Aden: Al-Qaeda suspects carried out twin suicide bombings and took hostages today, officials said, as they struck at the heart of the Yemeni government after suffering a string of setbacks. The apparently coordinated attacks spell an abrupt end to a period of relative calm that has reigned in Aden, where the government of President Abedrabbo Mansour Hadi has been based since it was driven out of the capital Sanaa by a rival rebel camp in 2014.
Yemen's complex war, which pits the Saudi-backed Hadi government against former president Ali Abdullah Saleh and his Iran-backed Huthi rebel allies, has allowed Al-Qaeda in the Arabian Peninsula to flourish in the south of the country. Southern Yemen is also the target of the longest-running drone war by the United States, which classifies AQAP as the radical Islamist network's most dangerous branch.
Today, eight members of the security forces were killed in the attacks on the security headquarters and criminal investigations unit in the central district of Khor Maksar in Aden. A high-ranking official with the state security forces said an explosives-rigged car driven by an Al-Qaeda operative blew up outside the security headquarters, killing the six officers along with the driver. A second attacker was killed in a shootout between police and gunmen that followed, as militants stormed the building and set alight files and archives, the official said.
Moments later, a suicide bomber made his way into the Aden criminal investigations unit, next door to the security headquarters, and detonated an explosive belt as more gunmen stormed the building, a source in the unit said. Two policewomen were killed in execution-style slayings by suspected Al-Qaeda attackers, who also took an unknown number of police detectives hostage in the criminal investigations unit.
A second attacker was killed at the scene. The source said the gunmen managed to spring some 50 detainees free from their holding cells at the criminal investigations unit, some of whom he said took up arms alongside the suspected Al-Qaeda militants. Yemeni forces allied with a Saudi-led coalition have closed in on AQAP strongholds in recent weeks, driving them out of pockets of the southern provinces of Abyan and Shabwa. Special forces trained by the United Arab Emirates and backed by the United States on Monday drove AQAP out of Mahfad, a town through which a key highway linking Aden to the oil-rich Shabwa province runs. The troops did not face resistance from Al-Qaeda, security sources said.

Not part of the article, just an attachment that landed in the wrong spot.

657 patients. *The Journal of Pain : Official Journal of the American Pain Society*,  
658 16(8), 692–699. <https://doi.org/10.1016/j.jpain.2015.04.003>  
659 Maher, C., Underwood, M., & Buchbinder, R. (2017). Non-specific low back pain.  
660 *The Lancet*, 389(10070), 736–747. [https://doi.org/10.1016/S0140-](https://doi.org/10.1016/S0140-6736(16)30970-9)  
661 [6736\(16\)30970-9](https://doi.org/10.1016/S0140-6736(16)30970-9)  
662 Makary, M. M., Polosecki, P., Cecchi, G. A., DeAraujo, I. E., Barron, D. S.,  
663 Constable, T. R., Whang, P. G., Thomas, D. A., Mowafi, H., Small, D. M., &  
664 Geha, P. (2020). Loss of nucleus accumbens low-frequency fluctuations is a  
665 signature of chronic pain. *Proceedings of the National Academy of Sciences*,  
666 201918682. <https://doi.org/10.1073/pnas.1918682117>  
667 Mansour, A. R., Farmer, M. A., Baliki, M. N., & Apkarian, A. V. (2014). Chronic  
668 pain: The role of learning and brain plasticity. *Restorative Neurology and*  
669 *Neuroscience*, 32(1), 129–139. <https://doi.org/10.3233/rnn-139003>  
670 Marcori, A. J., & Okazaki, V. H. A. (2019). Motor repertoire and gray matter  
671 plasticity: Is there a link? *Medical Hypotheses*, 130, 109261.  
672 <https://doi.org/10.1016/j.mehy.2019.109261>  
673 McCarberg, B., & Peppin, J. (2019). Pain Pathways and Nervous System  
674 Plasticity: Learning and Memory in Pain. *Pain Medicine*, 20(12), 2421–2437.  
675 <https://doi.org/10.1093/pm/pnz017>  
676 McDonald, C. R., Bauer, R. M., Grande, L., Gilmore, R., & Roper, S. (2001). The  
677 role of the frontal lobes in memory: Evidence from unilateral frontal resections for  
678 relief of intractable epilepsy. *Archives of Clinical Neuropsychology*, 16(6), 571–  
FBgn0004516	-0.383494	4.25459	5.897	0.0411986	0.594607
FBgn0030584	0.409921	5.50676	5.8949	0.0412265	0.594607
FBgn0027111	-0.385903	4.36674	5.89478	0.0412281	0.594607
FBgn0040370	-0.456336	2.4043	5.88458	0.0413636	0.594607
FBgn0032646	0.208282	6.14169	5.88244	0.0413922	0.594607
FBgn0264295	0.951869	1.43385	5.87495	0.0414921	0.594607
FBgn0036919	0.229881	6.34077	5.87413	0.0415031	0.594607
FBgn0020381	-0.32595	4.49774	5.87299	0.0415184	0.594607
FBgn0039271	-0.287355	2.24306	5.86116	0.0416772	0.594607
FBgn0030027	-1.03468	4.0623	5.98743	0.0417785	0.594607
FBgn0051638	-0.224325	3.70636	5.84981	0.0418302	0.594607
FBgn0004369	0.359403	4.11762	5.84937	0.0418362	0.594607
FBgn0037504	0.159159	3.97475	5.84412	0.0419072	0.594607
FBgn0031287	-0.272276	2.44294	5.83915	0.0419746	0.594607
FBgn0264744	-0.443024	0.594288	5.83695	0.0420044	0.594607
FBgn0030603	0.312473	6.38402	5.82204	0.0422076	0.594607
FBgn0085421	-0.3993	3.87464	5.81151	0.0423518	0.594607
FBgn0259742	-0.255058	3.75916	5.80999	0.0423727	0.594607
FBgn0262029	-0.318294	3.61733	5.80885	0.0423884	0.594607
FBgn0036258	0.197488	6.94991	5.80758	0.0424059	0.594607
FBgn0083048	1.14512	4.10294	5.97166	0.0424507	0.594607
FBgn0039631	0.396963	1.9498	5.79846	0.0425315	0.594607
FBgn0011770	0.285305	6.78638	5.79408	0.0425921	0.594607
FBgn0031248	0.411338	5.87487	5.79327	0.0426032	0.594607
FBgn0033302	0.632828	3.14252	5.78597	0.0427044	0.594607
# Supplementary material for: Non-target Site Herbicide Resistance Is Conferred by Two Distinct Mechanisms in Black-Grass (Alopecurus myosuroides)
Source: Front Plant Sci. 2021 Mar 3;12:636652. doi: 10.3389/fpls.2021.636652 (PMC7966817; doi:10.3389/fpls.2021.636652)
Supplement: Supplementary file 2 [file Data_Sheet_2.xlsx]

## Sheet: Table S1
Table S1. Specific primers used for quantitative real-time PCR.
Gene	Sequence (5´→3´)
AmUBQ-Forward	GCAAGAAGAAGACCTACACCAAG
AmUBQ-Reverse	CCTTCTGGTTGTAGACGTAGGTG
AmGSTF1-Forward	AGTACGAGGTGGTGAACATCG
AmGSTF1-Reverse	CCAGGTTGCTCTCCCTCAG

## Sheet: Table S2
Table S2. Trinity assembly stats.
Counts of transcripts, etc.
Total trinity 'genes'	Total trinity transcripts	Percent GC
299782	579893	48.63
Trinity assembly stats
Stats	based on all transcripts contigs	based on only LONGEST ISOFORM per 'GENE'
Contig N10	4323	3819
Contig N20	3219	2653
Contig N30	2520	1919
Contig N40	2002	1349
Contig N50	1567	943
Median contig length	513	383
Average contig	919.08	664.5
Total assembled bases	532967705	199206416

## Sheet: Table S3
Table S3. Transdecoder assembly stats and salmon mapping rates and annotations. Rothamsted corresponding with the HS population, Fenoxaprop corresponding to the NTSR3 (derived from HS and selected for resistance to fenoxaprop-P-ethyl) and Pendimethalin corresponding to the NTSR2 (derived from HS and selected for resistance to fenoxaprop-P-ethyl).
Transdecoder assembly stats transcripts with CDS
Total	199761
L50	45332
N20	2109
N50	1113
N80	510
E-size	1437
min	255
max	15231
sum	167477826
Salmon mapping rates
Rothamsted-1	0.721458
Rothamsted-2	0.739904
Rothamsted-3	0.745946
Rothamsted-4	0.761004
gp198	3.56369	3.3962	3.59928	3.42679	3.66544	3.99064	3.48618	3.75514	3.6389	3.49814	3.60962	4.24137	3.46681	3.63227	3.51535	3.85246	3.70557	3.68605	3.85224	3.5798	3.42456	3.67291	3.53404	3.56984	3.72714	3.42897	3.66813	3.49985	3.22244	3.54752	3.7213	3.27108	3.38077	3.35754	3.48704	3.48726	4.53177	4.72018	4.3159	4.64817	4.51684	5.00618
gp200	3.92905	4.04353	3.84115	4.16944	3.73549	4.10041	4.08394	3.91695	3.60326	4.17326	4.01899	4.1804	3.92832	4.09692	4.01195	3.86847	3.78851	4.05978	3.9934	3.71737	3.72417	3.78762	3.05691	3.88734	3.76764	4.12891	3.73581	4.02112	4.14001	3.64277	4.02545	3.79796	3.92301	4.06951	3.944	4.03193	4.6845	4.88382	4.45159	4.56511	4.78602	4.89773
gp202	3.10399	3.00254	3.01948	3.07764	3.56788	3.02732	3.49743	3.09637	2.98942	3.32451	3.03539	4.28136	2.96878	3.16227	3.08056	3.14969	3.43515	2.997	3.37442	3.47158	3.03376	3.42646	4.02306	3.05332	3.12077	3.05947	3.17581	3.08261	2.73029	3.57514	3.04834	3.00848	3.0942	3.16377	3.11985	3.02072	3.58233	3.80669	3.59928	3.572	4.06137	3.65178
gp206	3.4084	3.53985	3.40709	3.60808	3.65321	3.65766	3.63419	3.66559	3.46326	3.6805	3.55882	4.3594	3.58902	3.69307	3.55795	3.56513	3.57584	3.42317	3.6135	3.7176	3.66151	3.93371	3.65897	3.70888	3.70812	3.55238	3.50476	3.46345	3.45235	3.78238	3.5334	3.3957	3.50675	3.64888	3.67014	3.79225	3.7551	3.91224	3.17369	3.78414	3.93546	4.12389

In August, the UAE-backed forces said they had launched a major operation against jihadists in Shabwa. A senior military official said at the time that the insurgents had staged a "tactical retreat" without much resistance. The UAE has played a key role in a Saudi-led military campaign to prop up Hadi's government against both AQAP and the Huthis, who forced him into exile back in 2014. More than 8,600 people have been killed in Yemen since Saudi Arabia and its allies joined the war in 2015 to support government forces, according to the World Health Organization. Another 2,100 have died of cholera this year.
Long the poorest country in the Arab world, Yemen now stands steps away from an official declaration of famine, as war, displacement, and port and airport blockades leave Yemenis struggling to secure food. All parties in the Yemen war have drawn harsh criticism for their failure to protect civilians, but the Saudi-led coalition allied with the government has been singled out by the United Nations for civilian casualties. In September, the UN Human Rights Council announced an agreement to send war crimes investigators to Yemen.